Empress Myeongseong

As someone of Korean lineage, I felt obligated to learn more about the past of my people. The Koreans are a proud people, full of history and tradition that is being worn away by modern society. The major periods of Korean history were distinguished by dynasties. Time when a particular royal family ruled the nation.

The Joseon Dynasty was one such period. As the first dynasty of Korea, this family was marked for greatness. During the long feud between Japan and Korea, Empress Myeongseong advocated to protect themselves against Japan by aligning with Russia. At the age of 43, she was assassinated due to the threat the Japanese perceived of her (Wikipedia).

I think the most glorious thing about her is her name: “The Filial and Benevolent, the Origin of Holiness, the Proper in Changes, the Uniter of Heaven, the Immensely Meritorious, and the Sincerely Virtuous Grand Empress Consort Myeongseong” (Wikipedia).

She might have died young, compared to her husband who died at 66, she was very ahead of her time (Wikipedia). Actively participating in politics and studying fields considered solely for men (Listverse). I think she can be a great role model for modern women, as a symbol of dignity and purpose.





My first impression? Gardner is pretentious. Not only did he write this super intricate novel adding onto the story of the oldest villain in American literature, but he connected it with philosophy and astrology so well. This combined with the statement in his letter that he spends his valuable time “straighten[ing] out this miserable, confused world” gave me the idea that he thought himself a sort of prophet for the world, spreading his immense knowledge. Also, the way Gardner conveys his interpretation of Beowolf seems somewhat hostile towards David. While he does justify David’s incorrect interpretation, Gardner seemed to ignore the fact that he has analyzed the story of Beowolf  much more than any other person, and he could have been more tactful with his correction. Then, he continues by expressing his disgust at the students’ analysis of his world view. Once again, he was somewhat brutish towards these high schoolers with nowhere near the knowledge of literature he has. He then finishes with a passive aggressive “I’m kidding” which bothered me the most. Gardner ignored the normal convention of a simple thank you letter to this insensitive response.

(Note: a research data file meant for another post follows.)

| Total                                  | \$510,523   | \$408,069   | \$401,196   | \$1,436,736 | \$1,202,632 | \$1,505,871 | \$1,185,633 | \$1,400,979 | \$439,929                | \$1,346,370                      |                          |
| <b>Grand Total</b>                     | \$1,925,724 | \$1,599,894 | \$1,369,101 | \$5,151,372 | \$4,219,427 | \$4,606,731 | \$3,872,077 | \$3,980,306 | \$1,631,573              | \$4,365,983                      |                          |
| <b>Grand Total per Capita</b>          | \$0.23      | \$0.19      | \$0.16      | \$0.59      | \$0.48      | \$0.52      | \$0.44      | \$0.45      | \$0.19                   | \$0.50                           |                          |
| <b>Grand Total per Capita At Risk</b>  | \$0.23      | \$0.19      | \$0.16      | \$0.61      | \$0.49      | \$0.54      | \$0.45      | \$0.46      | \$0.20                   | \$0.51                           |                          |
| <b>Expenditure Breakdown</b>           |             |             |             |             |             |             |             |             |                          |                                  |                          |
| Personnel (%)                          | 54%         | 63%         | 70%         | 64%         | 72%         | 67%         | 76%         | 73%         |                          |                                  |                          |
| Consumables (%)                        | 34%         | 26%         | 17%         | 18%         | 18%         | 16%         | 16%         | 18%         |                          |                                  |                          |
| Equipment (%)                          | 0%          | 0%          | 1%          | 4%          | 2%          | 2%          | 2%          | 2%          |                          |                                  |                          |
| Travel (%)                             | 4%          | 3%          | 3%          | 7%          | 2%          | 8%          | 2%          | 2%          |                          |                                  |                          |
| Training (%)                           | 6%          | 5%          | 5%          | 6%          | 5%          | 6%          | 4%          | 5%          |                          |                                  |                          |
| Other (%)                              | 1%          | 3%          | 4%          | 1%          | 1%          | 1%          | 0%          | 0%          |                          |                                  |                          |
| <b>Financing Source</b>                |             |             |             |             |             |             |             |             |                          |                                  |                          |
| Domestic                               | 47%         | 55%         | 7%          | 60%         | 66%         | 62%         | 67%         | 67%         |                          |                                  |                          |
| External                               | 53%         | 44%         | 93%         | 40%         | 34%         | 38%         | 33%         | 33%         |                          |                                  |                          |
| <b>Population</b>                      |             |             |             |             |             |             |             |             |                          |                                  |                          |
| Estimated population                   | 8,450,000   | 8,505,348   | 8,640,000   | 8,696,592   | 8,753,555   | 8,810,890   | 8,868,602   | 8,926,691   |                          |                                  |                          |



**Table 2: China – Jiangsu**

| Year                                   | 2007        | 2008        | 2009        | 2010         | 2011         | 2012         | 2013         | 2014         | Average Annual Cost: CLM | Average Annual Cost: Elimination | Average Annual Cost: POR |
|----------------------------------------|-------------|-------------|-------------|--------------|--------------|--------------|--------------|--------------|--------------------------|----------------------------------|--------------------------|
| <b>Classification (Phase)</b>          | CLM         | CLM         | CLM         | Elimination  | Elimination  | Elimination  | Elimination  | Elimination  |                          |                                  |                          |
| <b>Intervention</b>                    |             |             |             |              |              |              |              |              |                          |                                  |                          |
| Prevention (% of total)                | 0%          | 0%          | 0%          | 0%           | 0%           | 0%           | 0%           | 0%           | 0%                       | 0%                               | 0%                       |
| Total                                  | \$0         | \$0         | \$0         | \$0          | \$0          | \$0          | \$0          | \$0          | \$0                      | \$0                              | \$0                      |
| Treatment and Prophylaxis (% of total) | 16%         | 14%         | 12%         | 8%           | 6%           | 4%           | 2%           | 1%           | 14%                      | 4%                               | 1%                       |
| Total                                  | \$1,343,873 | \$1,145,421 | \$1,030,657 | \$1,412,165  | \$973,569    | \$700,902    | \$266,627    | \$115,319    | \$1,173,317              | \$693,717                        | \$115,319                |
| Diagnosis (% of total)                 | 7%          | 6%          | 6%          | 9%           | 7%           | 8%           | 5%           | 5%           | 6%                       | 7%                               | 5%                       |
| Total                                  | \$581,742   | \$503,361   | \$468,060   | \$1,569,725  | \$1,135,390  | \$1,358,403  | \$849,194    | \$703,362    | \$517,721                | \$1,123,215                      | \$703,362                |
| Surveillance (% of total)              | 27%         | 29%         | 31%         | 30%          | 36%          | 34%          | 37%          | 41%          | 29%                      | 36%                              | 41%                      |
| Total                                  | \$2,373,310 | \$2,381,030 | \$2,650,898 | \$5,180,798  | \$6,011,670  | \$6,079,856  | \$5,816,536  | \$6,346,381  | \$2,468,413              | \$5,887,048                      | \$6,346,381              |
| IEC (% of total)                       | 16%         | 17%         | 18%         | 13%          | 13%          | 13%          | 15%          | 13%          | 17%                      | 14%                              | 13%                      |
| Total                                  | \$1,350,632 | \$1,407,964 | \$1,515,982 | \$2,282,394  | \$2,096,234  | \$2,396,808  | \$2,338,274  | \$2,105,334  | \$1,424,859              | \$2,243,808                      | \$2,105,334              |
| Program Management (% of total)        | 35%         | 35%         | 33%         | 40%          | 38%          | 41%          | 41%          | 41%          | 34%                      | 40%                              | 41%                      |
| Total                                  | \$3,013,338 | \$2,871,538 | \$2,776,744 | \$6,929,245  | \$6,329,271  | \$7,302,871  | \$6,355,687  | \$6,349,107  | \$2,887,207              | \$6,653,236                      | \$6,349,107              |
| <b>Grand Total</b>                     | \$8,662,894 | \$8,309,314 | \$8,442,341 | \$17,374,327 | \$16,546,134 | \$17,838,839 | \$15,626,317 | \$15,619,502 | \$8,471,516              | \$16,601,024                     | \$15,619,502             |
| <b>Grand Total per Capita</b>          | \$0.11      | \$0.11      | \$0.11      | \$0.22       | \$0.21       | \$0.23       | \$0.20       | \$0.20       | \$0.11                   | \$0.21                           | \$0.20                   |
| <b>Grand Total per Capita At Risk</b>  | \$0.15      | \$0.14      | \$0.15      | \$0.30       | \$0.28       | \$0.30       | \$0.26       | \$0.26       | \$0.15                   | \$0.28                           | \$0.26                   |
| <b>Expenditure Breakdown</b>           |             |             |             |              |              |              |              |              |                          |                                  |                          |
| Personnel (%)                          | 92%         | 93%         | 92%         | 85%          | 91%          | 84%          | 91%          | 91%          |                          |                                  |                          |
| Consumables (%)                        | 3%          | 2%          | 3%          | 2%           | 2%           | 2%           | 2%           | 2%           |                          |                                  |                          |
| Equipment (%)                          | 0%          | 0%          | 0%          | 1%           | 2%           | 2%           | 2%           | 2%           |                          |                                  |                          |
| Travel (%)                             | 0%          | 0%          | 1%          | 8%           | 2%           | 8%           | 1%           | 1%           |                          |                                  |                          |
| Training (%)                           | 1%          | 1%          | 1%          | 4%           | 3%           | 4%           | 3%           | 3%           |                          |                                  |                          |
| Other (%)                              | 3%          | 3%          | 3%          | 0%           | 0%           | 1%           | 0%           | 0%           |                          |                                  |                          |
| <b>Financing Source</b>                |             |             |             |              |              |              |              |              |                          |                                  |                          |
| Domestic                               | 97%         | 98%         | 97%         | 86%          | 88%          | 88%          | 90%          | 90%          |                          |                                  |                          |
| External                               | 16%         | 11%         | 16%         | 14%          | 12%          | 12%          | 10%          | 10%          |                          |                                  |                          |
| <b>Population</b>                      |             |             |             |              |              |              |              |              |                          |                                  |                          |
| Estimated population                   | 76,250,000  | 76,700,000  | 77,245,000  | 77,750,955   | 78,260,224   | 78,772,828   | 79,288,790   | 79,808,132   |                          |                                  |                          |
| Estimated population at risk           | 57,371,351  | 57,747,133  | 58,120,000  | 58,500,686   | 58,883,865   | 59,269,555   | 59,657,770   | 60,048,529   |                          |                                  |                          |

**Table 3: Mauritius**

On the other hand, he does stress the naivety of the way the students read the work. I’ll be the first to say I did not pick up on any of the nuances we have discussed over the past week, which would have been helped by a second/slower read. Gardner then continues by masterfully defending his Grendel and the way in which he wrote, justifying the wide exploration of philosophy he performs via Grendel. I did find it admirable that Gardner chose to discuss existentialism a theory from someone he does not like. Except all he proceeds to do in the novel is use existentialism in a connotative negative medium for the downfall of Grendel.

A Nearly Perfect Morning

I was at first attracted to this poem by Jessica Greenbaum, due to its imagery of nature. Being outdoors is very relaxing, an activity which I regretfully do not make enough time for. While having an easy flow, I struggled comprehending the poem due to vocabulary. I had no idea what “ameliorate” meant, but a quick search in a dictionary solved that problem and others.

While I am unsure, I believe “A Nearly Perfect Morning” to be an ode to mornings, which would explain the title. The poem sends wave upon wave of light imagery hinting at the positivity of morning. With the rebirth of day, the speaker is able to reflect upon the past with a new-found energy.